Beyond those kinds of physical impacts, these classes aim to empower them to take their wellness into their own hands because no matter what your medical condition is, you feel like you've lost some agency in your life. Especially with Parkinson's, you feel like you've lost agency over your body. Having some tools that you can use to manage yourself, your mind, your body, your energy, and your emotions on a daily basis can be extremely empowering for people who don't feel like they have agency. 

Brain chemistry 

Exercise, including yoga, increases the levels of gamma-aminobutyric acid (GABA), a brain chemical that influences mood, lowers blood pressure, and reduces muscle spasms. It does so by calming the hyperactive nerve cells associated with muscle stiffness and spasms.  

Outside of offering yoga as a wellness tool, how is your team working to scientifically understand the relationship between yoga and the brain?   

Chase: One of the focuses of our center is to understand the specific mechanisms behind the impacts of yoga and meditation on health and well-being. We do this on four different levels. One is through neuropsychological surveys. This means questionnaires that people fill out weekly about how their perceived stress is shifting or how their experience of well-being is being impacted when they're doing these practices regularly. The second layer is looking at blood biochemistry. So, for some of our experiments, we draw blood samples and look at what chemical changes are happening in the blood. For example, we look at specific blood biomarkers that can give us information on stress levels, like cortisol. The third level is what's happening in the brain — the structure and function. How is the brain changing on meditation? And we've done a significant number of studies looking at results from brain scans on both expert and novice meditators. And then the fourth level is genetic changes because very few studies have been looking at the impacts of yoga and meditation on gene expression. In collaboration with experts at the University of Florida, we did a study examining how an eight-day meditation retreat impacts the inflammatory pathways in a specific set of genes. And it showed that the same genes that are dysregulated in someone with severe COVID-19 or multiple sclerosis (MS), for example, were upregulated in someone who had been through this intensive mediation retreat.  

Yoga and the brain

A growing body of research suggests yoga can lead to changes in brain structure, particularly the hippocampus, prefrontal cortex, and amygdala — areas of the brain involved in emotional processing, memory, and cognition. The hippocampus is thicker in yoga practitioners, for example, and they experience lower age-related loss in brain volume than non-practitioners.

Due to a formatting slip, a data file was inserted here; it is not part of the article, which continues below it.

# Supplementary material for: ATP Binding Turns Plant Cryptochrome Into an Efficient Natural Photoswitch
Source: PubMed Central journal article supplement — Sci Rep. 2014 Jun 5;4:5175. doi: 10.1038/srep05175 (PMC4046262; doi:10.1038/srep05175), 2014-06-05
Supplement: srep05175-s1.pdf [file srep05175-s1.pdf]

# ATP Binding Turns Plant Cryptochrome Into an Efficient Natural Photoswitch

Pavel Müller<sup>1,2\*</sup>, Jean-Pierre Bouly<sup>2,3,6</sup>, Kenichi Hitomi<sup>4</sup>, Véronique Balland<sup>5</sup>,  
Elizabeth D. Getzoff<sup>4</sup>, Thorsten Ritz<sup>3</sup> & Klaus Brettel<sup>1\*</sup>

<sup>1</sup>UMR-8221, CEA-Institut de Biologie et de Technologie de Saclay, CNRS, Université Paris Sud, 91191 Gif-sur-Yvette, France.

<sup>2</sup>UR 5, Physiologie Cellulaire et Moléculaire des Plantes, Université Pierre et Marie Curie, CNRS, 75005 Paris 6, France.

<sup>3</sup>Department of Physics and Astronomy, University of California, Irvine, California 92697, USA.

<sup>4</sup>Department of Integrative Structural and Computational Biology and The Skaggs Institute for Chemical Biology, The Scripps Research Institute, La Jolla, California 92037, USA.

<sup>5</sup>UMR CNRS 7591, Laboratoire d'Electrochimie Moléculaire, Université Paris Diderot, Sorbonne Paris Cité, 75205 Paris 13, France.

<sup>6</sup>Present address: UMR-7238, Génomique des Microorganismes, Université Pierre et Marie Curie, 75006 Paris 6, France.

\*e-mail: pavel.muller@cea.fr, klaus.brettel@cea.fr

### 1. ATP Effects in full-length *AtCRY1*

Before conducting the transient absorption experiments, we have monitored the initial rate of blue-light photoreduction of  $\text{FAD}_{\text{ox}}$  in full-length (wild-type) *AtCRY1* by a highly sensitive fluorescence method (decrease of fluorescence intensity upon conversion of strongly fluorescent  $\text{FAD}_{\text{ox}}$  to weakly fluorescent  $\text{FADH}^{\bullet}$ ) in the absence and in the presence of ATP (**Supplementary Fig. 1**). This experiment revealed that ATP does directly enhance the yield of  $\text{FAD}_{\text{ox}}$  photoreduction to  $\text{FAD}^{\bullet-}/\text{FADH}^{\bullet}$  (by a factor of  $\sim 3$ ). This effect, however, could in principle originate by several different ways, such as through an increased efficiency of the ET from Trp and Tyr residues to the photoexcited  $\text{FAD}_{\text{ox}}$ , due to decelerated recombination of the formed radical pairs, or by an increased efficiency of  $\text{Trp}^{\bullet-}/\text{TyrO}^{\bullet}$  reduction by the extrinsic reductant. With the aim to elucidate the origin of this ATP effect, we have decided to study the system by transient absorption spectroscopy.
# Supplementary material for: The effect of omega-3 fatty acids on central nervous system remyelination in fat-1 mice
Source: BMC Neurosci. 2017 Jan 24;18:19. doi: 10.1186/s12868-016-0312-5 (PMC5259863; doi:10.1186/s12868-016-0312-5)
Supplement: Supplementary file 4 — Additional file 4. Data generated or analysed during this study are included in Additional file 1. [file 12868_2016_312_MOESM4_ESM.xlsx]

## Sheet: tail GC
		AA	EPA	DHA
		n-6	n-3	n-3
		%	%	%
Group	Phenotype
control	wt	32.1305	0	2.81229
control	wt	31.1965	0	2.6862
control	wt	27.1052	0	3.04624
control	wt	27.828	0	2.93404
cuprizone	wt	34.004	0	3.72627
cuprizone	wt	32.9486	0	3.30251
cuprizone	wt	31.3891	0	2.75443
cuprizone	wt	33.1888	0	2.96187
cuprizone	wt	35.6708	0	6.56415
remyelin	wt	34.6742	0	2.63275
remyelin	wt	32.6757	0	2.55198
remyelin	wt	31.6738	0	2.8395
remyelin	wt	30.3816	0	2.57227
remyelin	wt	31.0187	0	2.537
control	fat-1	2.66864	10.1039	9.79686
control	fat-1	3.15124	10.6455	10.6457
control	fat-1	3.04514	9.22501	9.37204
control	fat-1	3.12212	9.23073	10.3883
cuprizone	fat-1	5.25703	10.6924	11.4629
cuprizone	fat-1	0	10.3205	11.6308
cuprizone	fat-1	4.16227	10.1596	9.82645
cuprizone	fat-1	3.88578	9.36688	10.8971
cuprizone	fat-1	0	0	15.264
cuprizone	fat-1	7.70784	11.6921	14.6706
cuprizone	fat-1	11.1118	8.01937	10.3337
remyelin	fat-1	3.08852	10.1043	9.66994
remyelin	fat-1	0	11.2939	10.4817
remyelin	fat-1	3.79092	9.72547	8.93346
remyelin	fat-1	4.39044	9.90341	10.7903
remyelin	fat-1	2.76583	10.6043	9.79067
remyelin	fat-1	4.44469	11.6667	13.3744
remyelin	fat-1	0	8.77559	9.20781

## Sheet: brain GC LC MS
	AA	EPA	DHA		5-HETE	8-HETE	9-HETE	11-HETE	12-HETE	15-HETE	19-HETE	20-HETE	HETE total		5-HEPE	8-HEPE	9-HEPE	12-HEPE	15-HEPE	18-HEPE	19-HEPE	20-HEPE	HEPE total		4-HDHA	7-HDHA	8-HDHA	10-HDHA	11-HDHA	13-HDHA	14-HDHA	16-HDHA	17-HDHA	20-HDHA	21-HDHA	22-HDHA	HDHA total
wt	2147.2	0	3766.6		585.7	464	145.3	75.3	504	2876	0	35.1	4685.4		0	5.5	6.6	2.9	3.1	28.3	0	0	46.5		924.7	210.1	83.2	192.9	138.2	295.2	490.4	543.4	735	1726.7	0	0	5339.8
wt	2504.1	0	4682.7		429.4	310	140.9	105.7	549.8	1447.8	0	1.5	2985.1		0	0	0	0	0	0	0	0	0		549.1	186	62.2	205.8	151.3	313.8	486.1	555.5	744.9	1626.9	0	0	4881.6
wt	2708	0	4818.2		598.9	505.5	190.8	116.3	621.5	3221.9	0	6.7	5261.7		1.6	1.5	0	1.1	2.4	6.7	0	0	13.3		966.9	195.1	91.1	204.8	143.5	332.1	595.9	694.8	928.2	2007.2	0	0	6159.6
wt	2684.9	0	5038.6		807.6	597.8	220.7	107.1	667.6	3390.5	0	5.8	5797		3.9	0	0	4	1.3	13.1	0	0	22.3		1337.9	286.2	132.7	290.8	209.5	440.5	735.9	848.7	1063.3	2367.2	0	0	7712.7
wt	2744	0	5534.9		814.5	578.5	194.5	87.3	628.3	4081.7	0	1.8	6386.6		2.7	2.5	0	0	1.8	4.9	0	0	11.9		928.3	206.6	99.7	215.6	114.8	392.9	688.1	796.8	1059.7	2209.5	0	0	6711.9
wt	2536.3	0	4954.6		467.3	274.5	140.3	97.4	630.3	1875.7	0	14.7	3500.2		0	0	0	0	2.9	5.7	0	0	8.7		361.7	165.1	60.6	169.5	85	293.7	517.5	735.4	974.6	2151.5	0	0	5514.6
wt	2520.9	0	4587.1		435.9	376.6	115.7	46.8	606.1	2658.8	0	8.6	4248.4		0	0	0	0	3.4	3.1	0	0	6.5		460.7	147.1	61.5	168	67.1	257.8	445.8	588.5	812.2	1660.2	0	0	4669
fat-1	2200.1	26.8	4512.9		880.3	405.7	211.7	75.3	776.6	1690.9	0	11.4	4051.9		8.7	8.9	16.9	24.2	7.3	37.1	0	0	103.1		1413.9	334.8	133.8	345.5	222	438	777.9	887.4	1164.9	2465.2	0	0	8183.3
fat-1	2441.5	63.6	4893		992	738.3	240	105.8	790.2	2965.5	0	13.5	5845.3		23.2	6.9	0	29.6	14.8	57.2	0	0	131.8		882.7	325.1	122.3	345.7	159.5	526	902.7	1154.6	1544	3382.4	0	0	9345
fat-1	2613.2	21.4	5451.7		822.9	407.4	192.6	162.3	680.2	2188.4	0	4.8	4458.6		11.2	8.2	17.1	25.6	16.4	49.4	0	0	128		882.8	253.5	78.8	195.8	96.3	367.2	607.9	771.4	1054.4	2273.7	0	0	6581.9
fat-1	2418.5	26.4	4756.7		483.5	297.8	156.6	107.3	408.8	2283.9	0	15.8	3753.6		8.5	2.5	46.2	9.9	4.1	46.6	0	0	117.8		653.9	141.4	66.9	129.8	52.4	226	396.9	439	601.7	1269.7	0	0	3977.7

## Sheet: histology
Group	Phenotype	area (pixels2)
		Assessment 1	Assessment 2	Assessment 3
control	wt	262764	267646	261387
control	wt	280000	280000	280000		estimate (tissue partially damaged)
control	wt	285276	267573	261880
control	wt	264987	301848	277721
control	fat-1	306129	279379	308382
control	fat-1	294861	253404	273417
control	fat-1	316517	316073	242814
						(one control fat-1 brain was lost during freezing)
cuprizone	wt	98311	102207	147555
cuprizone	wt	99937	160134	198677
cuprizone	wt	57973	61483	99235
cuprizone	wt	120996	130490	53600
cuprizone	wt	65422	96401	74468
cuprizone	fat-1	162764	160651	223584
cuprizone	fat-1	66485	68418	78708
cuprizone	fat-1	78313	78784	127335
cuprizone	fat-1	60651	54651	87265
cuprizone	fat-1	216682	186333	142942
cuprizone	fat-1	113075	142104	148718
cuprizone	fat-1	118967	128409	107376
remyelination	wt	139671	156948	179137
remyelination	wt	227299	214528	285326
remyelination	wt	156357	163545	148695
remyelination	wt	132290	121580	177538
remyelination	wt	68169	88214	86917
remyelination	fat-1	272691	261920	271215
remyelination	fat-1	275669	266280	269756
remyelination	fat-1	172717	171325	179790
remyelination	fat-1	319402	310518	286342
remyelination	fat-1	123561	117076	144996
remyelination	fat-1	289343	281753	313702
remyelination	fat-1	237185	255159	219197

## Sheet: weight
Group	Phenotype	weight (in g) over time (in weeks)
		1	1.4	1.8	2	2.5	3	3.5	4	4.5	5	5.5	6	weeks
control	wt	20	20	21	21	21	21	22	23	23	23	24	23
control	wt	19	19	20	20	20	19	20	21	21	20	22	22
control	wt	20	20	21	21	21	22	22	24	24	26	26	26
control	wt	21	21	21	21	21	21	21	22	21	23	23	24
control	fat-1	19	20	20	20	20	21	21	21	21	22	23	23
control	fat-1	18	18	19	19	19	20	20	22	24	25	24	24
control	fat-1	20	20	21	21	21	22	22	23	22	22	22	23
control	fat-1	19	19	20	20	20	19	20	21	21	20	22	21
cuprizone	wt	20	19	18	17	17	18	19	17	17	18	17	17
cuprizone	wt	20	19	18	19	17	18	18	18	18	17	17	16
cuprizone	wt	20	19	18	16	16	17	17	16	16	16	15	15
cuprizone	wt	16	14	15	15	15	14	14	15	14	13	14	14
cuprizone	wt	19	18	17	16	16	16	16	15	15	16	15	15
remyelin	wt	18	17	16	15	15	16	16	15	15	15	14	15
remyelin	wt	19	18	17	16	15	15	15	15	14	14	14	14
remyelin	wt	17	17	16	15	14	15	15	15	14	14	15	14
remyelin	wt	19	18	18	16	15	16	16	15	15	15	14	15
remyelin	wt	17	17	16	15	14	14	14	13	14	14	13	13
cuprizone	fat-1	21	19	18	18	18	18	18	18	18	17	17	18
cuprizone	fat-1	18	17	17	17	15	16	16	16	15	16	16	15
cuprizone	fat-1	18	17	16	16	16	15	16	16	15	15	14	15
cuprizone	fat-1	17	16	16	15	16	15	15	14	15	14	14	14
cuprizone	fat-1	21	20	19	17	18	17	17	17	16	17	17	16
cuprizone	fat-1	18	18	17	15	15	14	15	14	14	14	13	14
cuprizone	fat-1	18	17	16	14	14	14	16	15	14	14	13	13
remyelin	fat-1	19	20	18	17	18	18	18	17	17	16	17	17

Several studies have also suggested that yoga can reverse stress-related changes in the DNA.  

What advice do you have for people looking to incorporate yoga as a wellness tool?   

Chase: Do it consistently. That's the key. In all our research, the one consistent finding that we have seen is that those who consistently do the practices reap the most transformative benefits. But if people are just doing it here and there, then they don't experience the benefits to the degree it's designed for because it's not a therapy or an exercise. Yoga is a discipline that you take into your life and make it an everyday thing. But I understand accessibility is very important because not everyone can take a yoga class — physically, emotionally, mentally, or financially. We're lucky to have a team of 12 teachers from across seven time zones who work with me to offer these programs for free.  

Infographic references:

  1. Ross A, Bevans M, Friedmann E, Williams L, Thomas S. "I am a nice person when I do yoga!!!" A qualitative analysis of how yoga affects relationships. J Holist Nurs. 2014 Jun;32(2):67-77.
  2. Krause-Sorio B, Siddarth P, Kilpatrick L, Milillo MM, Aguilar-Faustino Y, Ercoli L, Narr KL, Khalsa DS, Lavretsky H. Yoga Prevents Gray Matter Atrophy in Women at Risk for Alzheimer's Disease: A Randomized Controlled Trial. J Alzheimers Dis. 2022;87(2):569-581. 
  3. Villemure, C, Ceko, M, Cotton, V, Bushnell, MC. Neuroprotective effects of yoga practice: age-, experience-, and frequency-dependent plasticity. Frontiers in Hum Neuro. 2015 May(9).
  4. Voss S, Cerna J, Gothe NP. Yoga Impacts Cognitive Health: Neurophysiological Changes and Stress Regulation Mechanisms. Exerc Sport Sci Rev. 2023 Apr 1;51(2):73-81.